router.post("/", (req, res) => {
  pusher.trigger('hp-voting', 'hp-house', {
    "points": 1,
    "house": req.body.house
  });

  return res.json({
    "success": true,
    "message": "Thanks for voting."
  });
});

Building the App’s Front End

I’ve used jQuery and Bootstrap to do the front end. Here’s the part where we allow the users to vote.

I’m also going to add a chart container that will chart real-time as the votes are received.

Integrating Everything

We already have the back end done. Now we’ll see how to send the request to the Pusher service when the vote button is clicked, thanks to the front-end JavaScript. We’ll trigger the submit event of the form when the user clicks the button, and it needs to make a POST request to our back end to the route /vote.

Event Listener, User Data and Ajax

Let’s add an event listener for our form submission, code for capturing the user data, and the Ajax call:

// Execute only after the whole document is fetched and assets are loaded.
$(document).ready(function () {
  // Form submission event listener (event handler)
  $("#voteForm").submit(function (e) {
      e.preventDefault();
      // Get the checked input element's value.
      var house = $(".form-check-input:checked").val();
      // Construct the data to be sent as a payload to the AJAX call.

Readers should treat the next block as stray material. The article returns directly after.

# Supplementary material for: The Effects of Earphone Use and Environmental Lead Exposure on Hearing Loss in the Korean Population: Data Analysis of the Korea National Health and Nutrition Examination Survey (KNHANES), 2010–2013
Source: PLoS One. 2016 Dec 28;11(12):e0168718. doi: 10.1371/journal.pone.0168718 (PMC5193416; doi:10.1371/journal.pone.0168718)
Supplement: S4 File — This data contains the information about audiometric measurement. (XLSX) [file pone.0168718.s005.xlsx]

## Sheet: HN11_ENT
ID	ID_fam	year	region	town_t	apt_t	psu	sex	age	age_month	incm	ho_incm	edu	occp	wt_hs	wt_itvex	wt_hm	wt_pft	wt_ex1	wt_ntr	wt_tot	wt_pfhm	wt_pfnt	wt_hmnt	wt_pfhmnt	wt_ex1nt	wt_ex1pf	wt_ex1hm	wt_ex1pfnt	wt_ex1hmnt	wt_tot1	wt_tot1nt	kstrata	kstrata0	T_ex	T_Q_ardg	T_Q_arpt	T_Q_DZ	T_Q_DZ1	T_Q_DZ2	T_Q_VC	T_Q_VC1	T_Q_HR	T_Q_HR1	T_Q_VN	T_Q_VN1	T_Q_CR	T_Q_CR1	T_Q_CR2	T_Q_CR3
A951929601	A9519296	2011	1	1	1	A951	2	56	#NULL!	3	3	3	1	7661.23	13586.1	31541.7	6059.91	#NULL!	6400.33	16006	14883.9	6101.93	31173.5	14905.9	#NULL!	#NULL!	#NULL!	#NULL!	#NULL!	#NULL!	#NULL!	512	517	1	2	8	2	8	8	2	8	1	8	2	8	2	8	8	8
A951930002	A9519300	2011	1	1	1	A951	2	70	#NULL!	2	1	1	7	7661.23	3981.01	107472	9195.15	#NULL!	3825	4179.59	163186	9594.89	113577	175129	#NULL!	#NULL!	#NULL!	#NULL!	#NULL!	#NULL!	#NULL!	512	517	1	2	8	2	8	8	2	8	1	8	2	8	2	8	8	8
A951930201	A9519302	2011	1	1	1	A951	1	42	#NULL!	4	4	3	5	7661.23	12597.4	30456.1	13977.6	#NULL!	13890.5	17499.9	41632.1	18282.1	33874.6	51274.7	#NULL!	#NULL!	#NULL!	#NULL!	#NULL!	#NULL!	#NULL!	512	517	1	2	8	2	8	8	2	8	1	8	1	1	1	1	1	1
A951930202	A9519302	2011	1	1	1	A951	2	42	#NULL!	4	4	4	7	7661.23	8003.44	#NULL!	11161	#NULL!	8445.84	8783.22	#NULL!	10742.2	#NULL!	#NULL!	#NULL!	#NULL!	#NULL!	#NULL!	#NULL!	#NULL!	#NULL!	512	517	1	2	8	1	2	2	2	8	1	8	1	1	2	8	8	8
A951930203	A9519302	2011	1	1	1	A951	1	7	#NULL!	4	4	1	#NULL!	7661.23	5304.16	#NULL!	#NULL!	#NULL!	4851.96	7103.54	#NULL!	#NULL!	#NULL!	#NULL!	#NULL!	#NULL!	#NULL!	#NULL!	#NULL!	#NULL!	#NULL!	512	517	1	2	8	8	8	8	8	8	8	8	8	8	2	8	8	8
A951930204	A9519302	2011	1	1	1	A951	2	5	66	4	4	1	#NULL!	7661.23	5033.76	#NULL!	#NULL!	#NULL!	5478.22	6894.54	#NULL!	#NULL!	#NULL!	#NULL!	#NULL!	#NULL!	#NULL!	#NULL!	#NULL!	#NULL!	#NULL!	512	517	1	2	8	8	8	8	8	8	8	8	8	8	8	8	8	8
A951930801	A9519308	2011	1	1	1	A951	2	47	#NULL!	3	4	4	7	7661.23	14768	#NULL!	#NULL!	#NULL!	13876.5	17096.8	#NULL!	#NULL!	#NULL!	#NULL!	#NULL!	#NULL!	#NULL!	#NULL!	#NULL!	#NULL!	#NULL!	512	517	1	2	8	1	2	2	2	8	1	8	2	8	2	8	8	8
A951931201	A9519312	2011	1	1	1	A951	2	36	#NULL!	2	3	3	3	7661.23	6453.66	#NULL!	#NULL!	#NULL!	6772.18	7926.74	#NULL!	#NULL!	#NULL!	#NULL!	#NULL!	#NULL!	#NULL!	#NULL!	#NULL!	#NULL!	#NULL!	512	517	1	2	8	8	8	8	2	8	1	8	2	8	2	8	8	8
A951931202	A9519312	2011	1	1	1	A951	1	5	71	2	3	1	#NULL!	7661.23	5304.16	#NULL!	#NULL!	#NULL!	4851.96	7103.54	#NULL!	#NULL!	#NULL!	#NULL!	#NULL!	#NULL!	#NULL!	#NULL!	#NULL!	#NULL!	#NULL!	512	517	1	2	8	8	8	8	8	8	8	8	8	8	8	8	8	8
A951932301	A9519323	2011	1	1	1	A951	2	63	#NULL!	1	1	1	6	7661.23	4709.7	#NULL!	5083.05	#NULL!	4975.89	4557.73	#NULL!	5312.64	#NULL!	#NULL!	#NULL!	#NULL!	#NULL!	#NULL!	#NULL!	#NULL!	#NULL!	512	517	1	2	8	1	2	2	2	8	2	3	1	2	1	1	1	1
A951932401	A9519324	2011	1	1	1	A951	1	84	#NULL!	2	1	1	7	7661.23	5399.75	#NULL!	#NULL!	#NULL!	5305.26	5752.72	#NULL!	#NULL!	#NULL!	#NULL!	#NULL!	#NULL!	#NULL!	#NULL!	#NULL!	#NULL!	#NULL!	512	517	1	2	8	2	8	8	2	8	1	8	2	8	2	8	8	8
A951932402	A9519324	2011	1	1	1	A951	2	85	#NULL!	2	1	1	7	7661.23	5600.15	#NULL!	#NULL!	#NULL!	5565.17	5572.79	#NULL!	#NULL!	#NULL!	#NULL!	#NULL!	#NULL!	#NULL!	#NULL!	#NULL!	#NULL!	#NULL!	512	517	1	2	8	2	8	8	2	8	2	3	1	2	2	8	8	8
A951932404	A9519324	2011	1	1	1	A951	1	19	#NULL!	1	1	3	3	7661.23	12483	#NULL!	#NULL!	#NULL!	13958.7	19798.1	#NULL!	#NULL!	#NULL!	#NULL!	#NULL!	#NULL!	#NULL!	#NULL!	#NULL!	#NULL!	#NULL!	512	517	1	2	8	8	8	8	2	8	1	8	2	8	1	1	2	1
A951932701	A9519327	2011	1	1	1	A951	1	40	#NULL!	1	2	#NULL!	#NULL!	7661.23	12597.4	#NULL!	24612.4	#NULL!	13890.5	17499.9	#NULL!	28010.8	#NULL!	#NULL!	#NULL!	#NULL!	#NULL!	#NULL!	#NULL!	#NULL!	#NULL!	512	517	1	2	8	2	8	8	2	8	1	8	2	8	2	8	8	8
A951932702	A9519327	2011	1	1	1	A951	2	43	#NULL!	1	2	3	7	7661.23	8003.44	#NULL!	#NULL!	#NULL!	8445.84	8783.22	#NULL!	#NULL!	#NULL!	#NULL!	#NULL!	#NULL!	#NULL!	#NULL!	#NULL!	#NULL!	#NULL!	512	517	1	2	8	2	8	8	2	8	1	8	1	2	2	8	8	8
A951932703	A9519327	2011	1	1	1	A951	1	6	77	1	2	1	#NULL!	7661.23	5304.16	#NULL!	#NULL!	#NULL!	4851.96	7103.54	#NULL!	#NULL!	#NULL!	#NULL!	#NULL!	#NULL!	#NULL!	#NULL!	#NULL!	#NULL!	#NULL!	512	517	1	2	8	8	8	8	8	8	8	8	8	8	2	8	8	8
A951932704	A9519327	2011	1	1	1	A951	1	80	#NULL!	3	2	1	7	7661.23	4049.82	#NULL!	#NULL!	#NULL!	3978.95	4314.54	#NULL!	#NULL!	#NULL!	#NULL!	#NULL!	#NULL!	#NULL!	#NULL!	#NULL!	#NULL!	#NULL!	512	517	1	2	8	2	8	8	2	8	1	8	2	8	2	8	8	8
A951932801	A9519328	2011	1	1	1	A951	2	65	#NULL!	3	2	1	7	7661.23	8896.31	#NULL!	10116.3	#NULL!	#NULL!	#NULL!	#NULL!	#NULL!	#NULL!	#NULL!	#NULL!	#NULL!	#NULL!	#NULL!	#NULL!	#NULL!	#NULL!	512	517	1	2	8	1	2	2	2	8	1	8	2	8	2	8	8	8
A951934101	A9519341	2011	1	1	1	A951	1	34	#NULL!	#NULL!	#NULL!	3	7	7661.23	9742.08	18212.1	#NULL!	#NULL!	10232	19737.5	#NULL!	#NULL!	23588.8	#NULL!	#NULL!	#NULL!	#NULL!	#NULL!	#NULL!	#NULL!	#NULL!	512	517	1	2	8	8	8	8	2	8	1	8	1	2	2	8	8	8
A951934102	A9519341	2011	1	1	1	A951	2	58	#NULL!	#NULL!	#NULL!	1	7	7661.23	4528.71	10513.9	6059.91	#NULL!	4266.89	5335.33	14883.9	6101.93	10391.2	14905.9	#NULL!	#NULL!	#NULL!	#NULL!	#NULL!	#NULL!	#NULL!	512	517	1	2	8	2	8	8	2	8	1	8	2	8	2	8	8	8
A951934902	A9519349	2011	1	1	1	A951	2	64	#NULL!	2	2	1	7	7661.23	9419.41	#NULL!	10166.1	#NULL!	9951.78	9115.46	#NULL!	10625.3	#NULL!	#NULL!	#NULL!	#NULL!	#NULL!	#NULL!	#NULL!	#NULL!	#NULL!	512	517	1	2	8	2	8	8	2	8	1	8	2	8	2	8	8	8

var data = {
          "house": house
      };
      $.post("/vote", data, function (res) {
          // Log the output in the console.
          console.log(res);
        });
    });
});

Working with Pusher and Charts

When the form is submitted, the Ajax call triggers the /vote endpoint, and the back-end Node app will also trigger the Pusher service using the code below in routes/vote.js:

pusher.trigger('hp-voting', 'hp-house', {
  "points": 1,
  "house": req.body.house
});

When the code above is hit (or run), Pusher service will trigger an event with hp-voting and hp-house. We’re not catching the event or subscribing it yet. So we’re going to implement CanvasJS to build our chart, and we’re going to subscribe to the above event and will be adding the data points by the trigger, specified by the form’s submit event listener.